is liable to pay tax on the trust’s income at the
top marginal tax rate of 45 per cent, which is
normally applicable for income levels of
A$180,001 and over.
There is no statute of limitations on section
100A. While taxpayers are ordinarily required to
keep their relevant tax record for five years from
the date they lodge their return, section 100A has
an unlimited application period.
LISTEN
UP!
This story is available as
an audiocast. To listen,
visit: cpaaustralia.com.au/
section100A
IF SECTION 100A
IS APPLIED BY THE
ATO, A TRUSTEE IS
LIABLE TO PAY TAX
ON THE TRUST’S
INCOME AT THE TOP
MARGINAL TAX RATE
OF 45 PER CENT,
WHICH IS NORMALLY
APPLICABLE FOR
INCOME LEVELS OF
A$180,001 AND OVER.
100A DRAFT RULING
The ATO has been working on a draft ruling
on the use of section 100A. The draft sets out
the Tax Commissioner’s preliminary views on the
exclusions from a reimbursement agreement, such
as agreements not entered into with a purpose of
eliminating or reducing someone’s income tax.
The ruling is also expected to provide more
clarity around the ATO’s definition of ordinary
family or commercial dealings.
“Whether a particular agreement constitutes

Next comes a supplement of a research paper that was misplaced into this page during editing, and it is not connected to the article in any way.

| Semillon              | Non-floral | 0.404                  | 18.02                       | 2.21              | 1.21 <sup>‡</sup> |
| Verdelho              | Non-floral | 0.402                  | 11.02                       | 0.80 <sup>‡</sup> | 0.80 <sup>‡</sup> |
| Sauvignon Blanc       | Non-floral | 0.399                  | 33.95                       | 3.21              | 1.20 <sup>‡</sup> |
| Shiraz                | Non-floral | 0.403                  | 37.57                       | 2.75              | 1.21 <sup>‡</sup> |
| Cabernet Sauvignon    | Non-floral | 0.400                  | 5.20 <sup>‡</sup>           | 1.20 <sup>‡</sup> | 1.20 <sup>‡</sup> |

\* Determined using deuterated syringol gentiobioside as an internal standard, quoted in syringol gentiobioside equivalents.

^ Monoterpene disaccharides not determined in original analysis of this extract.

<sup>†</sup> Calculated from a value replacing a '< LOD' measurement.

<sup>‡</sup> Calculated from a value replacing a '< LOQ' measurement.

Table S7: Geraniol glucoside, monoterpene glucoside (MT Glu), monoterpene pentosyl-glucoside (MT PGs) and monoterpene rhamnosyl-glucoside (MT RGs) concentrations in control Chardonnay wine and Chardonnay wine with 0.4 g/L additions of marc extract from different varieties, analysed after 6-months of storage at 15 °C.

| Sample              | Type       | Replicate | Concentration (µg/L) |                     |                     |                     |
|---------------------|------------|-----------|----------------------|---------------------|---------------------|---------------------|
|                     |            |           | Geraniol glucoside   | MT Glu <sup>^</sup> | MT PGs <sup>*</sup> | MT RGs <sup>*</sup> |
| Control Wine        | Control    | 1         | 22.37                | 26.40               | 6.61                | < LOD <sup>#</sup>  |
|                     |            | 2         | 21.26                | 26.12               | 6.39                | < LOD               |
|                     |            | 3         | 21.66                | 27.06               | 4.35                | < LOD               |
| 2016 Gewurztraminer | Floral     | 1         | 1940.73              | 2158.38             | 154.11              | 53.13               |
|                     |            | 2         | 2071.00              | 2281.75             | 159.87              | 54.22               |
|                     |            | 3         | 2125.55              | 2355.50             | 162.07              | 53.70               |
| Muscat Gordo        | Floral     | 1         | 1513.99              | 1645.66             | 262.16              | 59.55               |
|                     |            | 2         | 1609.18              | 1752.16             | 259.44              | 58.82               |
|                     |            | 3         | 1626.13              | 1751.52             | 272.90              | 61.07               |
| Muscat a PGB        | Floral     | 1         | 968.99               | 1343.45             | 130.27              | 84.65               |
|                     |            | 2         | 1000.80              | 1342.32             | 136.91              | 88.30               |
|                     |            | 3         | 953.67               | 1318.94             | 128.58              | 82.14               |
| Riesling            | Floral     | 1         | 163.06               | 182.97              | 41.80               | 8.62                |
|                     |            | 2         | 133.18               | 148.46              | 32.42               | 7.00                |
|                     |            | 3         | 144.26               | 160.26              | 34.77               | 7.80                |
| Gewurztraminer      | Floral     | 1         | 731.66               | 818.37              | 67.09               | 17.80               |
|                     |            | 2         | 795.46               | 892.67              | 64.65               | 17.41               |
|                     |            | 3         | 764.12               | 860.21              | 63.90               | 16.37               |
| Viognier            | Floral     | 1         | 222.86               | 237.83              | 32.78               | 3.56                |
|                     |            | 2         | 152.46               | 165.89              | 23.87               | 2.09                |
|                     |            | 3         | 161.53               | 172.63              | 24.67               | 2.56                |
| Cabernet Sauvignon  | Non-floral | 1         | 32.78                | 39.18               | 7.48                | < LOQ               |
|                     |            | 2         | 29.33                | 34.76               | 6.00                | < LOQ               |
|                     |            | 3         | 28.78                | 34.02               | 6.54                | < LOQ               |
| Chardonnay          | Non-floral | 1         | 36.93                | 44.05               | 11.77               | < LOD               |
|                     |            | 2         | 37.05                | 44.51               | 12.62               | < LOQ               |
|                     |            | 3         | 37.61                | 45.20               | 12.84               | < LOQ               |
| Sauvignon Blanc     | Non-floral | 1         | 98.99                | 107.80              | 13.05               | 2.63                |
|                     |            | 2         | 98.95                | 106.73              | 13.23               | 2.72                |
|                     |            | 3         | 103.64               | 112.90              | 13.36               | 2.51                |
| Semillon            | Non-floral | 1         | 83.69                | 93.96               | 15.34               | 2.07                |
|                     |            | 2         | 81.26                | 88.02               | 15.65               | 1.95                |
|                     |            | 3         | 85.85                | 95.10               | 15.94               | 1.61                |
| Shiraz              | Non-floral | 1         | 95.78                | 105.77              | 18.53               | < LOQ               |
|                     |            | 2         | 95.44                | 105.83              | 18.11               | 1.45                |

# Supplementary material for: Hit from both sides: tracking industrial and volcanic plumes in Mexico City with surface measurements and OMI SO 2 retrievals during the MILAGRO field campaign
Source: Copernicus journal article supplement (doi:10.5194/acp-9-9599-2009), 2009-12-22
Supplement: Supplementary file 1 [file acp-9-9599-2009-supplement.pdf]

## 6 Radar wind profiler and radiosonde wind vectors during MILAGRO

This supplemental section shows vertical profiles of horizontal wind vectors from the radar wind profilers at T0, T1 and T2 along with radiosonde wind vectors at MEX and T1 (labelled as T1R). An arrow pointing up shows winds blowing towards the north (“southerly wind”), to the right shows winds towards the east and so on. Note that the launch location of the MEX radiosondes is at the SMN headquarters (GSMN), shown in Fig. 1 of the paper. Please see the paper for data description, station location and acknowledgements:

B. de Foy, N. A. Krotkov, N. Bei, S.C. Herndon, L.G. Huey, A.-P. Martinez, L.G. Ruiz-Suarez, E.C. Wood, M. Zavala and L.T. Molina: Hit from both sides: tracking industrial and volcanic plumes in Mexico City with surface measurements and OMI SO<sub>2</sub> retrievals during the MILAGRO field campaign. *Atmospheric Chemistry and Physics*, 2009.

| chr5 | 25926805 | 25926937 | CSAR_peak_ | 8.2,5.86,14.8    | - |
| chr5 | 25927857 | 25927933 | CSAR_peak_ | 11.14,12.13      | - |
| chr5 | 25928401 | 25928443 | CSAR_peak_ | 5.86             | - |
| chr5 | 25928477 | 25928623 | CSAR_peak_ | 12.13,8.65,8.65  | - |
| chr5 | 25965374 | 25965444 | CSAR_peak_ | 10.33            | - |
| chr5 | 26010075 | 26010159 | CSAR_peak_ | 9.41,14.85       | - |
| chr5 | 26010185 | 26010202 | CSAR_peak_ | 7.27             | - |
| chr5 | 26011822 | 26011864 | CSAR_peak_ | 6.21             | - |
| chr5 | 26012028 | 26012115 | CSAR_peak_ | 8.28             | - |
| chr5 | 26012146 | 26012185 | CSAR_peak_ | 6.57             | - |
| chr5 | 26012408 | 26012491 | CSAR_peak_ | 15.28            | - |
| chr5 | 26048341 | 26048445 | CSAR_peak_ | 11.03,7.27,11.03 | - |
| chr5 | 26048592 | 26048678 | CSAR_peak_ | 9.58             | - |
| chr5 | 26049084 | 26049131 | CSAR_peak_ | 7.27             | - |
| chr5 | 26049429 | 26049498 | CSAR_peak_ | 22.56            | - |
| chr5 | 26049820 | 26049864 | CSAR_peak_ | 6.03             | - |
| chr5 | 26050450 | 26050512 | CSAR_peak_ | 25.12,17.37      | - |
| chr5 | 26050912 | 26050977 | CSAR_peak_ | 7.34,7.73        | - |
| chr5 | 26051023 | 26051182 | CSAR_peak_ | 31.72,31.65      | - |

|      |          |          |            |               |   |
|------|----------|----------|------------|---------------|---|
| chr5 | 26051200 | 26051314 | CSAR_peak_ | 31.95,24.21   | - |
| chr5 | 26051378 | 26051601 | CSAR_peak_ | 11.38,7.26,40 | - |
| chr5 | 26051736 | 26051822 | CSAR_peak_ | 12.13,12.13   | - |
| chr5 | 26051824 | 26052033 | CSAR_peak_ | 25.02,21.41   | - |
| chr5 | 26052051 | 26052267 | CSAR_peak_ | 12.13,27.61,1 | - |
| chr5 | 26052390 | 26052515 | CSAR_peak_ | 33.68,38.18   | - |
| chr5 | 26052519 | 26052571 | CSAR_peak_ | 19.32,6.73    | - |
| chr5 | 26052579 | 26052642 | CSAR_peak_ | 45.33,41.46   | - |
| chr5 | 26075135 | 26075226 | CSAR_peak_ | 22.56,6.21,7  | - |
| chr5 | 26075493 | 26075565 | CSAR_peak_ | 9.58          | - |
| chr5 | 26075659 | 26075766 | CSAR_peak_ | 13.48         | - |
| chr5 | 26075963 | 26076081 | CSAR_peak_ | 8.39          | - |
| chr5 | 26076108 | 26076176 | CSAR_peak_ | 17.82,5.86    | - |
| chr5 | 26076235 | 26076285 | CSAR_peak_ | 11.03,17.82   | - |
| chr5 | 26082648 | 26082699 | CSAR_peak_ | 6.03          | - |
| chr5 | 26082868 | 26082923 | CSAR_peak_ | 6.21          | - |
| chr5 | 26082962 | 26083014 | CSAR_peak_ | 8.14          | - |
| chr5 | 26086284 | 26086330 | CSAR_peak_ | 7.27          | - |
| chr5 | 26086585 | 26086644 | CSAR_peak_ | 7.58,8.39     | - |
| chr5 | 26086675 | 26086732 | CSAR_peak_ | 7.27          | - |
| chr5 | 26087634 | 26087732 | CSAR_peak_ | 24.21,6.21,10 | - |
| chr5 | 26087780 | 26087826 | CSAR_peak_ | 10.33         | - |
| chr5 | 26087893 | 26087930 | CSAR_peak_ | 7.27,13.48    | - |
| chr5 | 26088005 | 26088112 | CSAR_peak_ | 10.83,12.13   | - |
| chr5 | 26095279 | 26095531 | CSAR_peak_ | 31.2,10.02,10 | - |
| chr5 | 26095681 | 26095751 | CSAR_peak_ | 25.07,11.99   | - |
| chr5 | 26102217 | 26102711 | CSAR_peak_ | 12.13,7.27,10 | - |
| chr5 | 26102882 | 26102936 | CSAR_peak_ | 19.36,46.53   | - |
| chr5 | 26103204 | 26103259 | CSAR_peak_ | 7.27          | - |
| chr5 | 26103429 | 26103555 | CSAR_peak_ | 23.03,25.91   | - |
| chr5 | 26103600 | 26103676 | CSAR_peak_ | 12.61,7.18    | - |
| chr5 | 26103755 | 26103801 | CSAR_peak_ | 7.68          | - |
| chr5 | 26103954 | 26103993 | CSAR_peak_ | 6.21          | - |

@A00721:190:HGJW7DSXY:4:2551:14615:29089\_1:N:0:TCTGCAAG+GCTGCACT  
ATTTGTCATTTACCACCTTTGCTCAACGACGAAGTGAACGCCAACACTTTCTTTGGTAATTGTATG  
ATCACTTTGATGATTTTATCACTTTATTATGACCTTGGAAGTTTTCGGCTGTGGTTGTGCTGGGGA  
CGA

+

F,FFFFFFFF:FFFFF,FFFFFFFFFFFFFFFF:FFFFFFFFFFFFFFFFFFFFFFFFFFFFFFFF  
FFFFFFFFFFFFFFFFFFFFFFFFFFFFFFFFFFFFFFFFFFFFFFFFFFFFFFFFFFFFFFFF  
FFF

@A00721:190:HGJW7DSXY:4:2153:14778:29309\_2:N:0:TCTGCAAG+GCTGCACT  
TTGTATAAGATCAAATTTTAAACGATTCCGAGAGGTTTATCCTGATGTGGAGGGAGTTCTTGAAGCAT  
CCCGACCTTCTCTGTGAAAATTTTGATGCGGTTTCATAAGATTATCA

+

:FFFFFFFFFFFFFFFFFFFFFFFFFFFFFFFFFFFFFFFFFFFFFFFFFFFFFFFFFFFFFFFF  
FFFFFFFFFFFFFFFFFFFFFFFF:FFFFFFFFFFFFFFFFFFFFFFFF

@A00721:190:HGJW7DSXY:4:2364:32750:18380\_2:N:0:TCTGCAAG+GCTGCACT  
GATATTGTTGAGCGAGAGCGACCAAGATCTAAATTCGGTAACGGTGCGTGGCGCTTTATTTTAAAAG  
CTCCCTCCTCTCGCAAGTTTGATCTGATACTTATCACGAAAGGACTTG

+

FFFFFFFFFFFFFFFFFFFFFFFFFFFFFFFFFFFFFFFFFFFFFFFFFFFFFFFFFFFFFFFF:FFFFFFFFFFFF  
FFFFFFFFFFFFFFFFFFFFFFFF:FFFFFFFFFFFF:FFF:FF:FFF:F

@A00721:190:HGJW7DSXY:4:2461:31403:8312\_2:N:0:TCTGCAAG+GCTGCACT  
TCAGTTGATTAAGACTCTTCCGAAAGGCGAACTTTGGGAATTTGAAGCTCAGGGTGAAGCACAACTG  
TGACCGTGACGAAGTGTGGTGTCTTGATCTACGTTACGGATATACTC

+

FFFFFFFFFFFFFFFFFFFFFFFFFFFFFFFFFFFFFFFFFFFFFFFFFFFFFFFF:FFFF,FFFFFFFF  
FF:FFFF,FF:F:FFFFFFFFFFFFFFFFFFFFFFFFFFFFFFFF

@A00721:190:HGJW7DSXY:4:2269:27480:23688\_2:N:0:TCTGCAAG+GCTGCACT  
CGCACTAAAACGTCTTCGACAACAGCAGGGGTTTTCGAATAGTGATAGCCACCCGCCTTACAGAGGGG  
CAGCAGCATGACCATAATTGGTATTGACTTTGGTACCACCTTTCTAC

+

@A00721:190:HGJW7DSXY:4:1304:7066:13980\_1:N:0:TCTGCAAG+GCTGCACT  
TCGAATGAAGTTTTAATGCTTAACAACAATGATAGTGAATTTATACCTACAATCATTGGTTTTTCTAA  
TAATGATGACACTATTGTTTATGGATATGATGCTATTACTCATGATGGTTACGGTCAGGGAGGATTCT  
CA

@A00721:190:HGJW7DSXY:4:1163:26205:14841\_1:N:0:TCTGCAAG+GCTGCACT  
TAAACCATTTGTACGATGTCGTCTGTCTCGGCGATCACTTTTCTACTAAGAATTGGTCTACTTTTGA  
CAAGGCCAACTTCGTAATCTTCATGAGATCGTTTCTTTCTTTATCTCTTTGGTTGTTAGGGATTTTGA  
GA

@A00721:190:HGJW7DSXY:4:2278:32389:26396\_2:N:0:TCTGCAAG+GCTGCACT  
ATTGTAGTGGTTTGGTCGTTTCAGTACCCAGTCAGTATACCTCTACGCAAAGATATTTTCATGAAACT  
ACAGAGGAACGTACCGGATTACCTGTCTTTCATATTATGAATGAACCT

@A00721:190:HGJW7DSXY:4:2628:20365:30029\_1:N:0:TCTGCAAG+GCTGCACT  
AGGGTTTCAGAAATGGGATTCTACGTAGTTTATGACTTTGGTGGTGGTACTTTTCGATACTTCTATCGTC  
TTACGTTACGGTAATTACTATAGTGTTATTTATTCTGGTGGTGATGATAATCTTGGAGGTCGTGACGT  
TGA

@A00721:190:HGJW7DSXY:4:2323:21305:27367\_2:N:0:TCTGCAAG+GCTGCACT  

an ‘ordinary family or commercial dealing’
[which isn’t defined], and is therefore not a
reimbursement agreement for the purposes of
section 100A, will depend on all of the relevant
facts,” the ATO notes on its website. “The courts
have made it clear that the exclusion must be
considered having regard to all of the steps
comprising the reimbursement agreement – not
merely components of it.
“An agreement won’t necessarily be
considered to have been entered into in the
course of an ordinary family dealing, merely
because all of the entities involved are members
of the same ‘family group’.”
Greg Nielsen, tax partner at Pitcher Partners,
says the integrity aspect of section 100A comes
in when an arrangement is designed so a person
subject to tax is paying less tax than another
person actually receiving the benefit.
“It could involve property being transferred out
to someone for a minimal consideration, or
amounts of cash may have been loaned out to that
party, or where the underlying property or benefit
is retained by the trust,” says Nielsen, who is also
CPA Australia’s representative on the ATO’s
Private Groups Stewardship Group.
“Under those scenarios, whether it’s a person
who has had some value transferred out to them
or to the trust, what’s being targeted is if the
person would have paid a higher rate of tax if
they had legally been subject to assessment on
those amounts.”
The ATO has not given a completion time for
its draft ruling, and notes on its public advice
and guidance program that it is currently focused
on providing support around the tax and
superannuation issues arising from the impact
of COVID-19.
intheblack.com July 2020 17

Paperturn



Powered by


Full screen Click to read
Paperturn flip book
Search
Overview
Download as PDF
Print
Shopping cart
Full screen
Exit full screen